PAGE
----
Long May He Run, by David Bax
I’m a big fan of Neil Young. I’m not just saying that in the way that people say they’re “big fans” of anything they don’t outwardly despise. I mean that I buy all of his albums and listen to them a lot and would probably place him in my all-time top five musical artists. Still, going into a screening of Jonathan Demme’s Neil Young Journeys, I felt a sense of trepidation. This is the third Young documentary/concert film Demme has made since 2006. What could he possibly have to say? Are Demme and Young just looking for excuses to hang out and then show us their home videos?
Unfortunately, that’s mostly the case. The shape of this film is defined by performances punctuated generously with footage of Young driving around his old home town, pointing to places and describing what used to be there and reminiscing with his brother about things with which we are wholly unfamiliar. It raises not only the question of why one would be watching it but also why it even exists. The only people who would conceivably be interested in the non-performance sections were present when they were filmed.
As far as the performances go, they are mostly worthwhile and occasionally quite moving. However, about half of the songs are from the last few years and, while Young has remained a far more interesting musician than most who have been at it for half a century, it’s hard not to notice the chasm between then and now when a song from 2010 is played next to “After the Gold Rush” or “Down by the River.”
Still, that’s not the movie’s real problem. There’s a frustrating lack of focus. When Young plays “Ohio,” Demme mixes in footage of the day four students were shot and killed by the National Guard at Kent State, along with still photographs of the deceased. On its own, it would be a powerful and fitting tribute but coming as it does in the midst of things like Young rambling about how his brother’s a good driver, it just feels odd and cheap.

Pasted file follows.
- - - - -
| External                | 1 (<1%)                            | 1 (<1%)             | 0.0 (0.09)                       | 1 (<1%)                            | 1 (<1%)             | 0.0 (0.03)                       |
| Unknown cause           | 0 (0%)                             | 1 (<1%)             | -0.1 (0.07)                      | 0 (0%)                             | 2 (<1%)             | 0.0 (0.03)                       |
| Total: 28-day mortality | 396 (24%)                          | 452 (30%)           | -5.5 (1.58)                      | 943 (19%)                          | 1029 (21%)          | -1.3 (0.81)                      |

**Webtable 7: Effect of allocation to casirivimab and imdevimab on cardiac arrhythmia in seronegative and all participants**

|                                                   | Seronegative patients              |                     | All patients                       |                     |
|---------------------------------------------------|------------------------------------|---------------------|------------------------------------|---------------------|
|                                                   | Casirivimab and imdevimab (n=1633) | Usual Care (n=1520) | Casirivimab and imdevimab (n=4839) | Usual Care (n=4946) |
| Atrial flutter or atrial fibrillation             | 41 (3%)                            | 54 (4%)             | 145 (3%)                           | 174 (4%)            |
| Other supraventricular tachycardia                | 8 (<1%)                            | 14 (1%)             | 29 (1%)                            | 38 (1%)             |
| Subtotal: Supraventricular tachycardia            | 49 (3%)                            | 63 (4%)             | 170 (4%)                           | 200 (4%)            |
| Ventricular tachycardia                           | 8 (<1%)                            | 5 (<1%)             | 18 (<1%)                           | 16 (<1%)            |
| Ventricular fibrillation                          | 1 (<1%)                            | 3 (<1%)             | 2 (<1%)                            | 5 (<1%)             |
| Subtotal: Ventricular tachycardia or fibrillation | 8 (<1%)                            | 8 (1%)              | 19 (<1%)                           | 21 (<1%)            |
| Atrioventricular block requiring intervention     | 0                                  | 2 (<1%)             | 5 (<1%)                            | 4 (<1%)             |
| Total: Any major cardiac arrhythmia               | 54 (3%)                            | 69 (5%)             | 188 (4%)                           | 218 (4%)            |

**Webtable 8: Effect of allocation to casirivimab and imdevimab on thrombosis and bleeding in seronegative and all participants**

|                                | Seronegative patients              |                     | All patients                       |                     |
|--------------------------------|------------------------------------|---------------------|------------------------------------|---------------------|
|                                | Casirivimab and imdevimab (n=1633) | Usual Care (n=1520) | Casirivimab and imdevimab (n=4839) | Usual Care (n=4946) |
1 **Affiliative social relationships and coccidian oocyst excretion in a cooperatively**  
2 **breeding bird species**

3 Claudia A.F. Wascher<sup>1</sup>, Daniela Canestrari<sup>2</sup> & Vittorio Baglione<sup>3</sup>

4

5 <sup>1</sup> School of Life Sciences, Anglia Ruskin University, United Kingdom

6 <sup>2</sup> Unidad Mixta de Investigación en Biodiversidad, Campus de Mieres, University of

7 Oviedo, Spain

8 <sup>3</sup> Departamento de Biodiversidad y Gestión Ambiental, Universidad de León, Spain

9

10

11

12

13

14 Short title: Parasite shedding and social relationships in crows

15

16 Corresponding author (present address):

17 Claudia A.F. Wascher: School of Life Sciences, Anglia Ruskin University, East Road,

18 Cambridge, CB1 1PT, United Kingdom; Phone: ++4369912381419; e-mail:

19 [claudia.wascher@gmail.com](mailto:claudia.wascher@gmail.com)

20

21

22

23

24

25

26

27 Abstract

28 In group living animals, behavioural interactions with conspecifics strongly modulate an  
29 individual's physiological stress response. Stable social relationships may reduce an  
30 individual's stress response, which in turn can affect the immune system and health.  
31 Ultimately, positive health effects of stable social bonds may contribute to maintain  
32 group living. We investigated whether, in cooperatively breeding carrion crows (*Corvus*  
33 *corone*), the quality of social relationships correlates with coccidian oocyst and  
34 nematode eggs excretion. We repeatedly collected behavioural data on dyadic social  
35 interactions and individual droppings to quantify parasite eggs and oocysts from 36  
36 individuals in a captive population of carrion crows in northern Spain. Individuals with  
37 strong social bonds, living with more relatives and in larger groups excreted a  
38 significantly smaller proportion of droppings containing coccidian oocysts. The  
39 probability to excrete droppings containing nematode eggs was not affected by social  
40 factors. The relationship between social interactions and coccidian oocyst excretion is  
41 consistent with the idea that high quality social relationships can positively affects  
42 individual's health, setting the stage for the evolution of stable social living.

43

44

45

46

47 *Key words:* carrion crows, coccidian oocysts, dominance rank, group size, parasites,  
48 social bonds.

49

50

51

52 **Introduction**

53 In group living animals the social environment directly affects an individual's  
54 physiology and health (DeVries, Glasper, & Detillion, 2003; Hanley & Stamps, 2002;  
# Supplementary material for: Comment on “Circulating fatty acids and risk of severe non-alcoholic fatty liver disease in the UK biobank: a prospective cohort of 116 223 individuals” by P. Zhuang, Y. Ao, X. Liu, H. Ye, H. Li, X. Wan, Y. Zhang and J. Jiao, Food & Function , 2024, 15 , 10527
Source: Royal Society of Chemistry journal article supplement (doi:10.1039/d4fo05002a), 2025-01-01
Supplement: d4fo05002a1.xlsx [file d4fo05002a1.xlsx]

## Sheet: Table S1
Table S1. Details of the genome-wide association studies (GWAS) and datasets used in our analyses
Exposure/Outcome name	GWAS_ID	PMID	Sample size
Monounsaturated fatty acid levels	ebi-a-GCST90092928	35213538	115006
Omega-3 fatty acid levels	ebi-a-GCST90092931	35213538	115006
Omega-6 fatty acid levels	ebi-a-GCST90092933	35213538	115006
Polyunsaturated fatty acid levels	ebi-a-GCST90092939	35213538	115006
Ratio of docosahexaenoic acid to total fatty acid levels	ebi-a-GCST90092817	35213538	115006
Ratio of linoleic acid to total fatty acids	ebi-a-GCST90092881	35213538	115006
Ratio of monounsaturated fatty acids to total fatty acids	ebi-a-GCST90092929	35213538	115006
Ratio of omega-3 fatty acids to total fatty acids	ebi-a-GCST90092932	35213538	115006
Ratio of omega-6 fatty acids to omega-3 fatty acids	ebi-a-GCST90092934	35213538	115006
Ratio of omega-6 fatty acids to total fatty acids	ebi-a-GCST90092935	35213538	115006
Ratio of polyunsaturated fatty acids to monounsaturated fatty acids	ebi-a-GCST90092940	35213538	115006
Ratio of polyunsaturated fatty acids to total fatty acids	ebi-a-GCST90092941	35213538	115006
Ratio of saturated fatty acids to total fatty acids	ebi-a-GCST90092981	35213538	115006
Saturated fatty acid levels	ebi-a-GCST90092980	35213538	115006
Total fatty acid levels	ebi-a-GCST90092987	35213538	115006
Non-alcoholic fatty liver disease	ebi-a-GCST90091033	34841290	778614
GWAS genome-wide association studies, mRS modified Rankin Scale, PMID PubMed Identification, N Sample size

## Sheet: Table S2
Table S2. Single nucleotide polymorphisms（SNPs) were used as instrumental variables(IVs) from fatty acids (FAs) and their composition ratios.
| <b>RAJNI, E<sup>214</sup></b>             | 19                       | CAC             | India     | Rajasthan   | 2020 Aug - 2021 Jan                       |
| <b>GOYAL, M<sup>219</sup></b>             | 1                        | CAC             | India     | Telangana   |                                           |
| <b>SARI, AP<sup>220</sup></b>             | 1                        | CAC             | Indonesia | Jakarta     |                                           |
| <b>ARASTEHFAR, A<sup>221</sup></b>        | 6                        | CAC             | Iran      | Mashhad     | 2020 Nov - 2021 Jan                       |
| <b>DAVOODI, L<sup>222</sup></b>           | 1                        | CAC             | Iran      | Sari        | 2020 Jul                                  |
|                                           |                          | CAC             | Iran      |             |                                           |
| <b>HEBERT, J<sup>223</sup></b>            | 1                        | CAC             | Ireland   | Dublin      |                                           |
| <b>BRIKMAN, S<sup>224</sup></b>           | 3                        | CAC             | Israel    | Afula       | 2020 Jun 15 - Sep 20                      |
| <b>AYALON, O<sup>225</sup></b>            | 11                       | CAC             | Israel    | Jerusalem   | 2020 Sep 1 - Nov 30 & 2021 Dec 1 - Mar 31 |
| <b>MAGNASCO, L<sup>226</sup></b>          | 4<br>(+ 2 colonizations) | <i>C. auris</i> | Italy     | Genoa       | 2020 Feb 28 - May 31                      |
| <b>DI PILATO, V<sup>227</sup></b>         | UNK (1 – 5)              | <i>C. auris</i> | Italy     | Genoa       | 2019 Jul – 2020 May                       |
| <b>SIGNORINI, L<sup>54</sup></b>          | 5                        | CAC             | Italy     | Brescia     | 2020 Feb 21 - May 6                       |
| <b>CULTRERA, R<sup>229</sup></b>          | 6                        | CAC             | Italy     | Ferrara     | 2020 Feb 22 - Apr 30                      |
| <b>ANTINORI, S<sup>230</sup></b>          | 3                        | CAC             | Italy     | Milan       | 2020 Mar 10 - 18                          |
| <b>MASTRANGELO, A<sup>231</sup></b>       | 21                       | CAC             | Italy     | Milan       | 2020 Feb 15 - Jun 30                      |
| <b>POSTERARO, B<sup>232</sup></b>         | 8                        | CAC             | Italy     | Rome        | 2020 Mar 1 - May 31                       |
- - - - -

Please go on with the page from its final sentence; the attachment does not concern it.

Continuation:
Further cause for exasperation can be found in the film’s look. Demme, especially in his work with cinematographer Tak Fujimoto (The Silence of the Lambs, Beloved), has given us breathtaking imagery in the past. The very talented Declan Quinn (Rachel Getting Married, Monsoon Wedding) shot this one but the handheld sections of Young driving or walking around are ugly to behold. Even in the much more controlled and professional concert footage, there are problems, though I’ll blame Demme and not Quinn for those. The worst offender is a camera attached to the microphone stand that allows us an extreme close-up of the bottom half of Young’s face while he sings. Essentially, this leads to long takes of a 65-year-old man spitting directly at us. At one point, a glob of saliva actually lands on the screen and Demme continues the shot. This is probably the movie’s low point and perhaps one of the lowest points I’ll witness in cinema this year.
Perhaps this is just the fan in me speaking but the problems with this movie are with the filmmaking, not with Neil Young. He’s still a talented songwriter and an even more compelling performer. He uses an economy of instrumentation to produce a very loud and overwhelming sound. Even with only his guitar, he creates sonic waves that he rides both gracefully and determinedly. If I took anything from Neil Young Journeys, it was a desire to go see him perform so that I could enjoy it without all this other crap messing it up.